Scientific American 1, 2.1.1865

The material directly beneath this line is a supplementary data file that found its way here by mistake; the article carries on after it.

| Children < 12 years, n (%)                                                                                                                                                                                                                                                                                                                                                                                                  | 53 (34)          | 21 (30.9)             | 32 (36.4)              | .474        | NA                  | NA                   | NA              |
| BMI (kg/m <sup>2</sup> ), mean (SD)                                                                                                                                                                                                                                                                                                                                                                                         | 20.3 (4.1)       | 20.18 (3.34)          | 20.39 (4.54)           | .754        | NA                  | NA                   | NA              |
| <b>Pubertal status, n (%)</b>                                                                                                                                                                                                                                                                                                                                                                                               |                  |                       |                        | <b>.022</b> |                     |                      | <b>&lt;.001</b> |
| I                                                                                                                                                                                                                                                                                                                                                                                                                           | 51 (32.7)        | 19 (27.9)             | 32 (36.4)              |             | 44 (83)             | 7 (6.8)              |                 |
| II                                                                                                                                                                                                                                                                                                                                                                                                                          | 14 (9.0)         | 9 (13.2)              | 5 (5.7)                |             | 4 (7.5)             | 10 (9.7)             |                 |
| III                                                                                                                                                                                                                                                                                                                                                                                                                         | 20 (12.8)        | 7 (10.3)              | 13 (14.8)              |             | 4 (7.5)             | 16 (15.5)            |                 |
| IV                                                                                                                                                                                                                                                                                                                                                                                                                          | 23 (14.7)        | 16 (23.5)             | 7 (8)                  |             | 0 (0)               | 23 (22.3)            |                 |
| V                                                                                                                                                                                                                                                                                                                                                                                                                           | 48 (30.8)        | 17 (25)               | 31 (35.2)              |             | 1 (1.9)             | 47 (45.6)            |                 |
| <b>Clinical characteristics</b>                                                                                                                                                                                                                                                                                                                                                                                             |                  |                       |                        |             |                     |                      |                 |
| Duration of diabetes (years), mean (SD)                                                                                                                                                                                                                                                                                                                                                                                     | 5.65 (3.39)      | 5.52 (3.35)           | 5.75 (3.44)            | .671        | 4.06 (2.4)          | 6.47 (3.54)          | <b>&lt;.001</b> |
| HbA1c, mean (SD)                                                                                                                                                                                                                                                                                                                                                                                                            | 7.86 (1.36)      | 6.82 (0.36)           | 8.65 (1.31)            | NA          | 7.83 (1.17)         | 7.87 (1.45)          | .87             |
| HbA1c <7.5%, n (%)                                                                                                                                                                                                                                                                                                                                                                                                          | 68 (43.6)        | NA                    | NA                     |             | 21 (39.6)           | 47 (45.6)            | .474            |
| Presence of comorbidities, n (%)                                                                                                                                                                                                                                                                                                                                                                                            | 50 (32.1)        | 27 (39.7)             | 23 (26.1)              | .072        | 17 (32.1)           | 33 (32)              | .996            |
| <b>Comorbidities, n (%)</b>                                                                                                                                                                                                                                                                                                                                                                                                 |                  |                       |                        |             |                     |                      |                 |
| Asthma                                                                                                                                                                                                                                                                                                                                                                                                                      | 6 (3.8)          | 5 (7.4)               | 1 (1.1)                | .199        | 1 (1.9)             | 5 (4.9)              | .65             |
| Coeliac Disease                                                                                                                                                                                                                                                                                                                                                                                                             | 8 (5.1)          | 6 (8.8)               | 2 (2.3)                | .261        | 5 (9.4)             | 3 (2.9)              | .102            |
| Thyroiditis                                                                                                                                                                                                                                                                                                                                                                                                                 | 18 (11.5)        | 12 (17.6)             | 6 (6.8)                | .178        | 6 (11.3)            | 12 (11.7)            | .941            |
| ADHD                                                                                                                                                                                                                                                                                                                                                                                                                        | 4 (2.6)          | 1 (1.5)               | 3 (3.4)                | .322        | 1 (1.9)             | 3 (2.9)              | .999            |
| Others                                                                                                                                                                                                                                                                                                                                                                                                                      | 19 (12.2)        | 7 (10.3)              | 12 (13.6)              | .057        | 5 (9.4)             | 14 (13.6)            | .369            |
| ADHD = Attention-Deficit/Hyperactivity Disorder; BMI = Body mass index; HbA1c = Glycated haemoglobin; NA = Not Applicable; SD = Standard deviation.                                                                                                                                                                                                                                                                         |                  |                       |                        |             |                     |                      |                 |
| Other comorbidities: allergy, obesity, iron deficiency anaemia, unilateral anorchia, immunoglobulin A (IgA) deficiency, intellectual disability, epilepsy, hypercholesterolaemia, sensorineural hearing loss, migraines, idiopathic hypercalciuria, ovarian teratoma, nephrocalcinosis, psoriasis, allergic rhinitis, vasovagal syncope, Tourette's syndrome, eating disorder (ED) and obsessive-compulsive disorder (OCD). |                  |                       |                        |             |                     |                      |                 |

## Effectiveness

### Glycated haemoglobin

Prof. Doremus explained that chlorine has so strong an affinity for hydrogen that it will take that element from many of its compounds. To illustrate this he introduced a little arseniuretted hydrogen gas under the mouth of a tall inverted bell glass filled with water, when the gas, of course, rose to the top, displacing its own volume of the water. Some sulphuretted hydrogen gas was then poured in the same way up the same glass. On adding some chlorine gas to the mixture, the chlorine took the hydrogen from both the arsenic and the sulphur, when tose two elements entered into combination as the sesquisulphuret of arsenic, or yellow orpiment. The hydrogen and chlorine combined to form hydrochloric acid gas, which was absorbed by the water.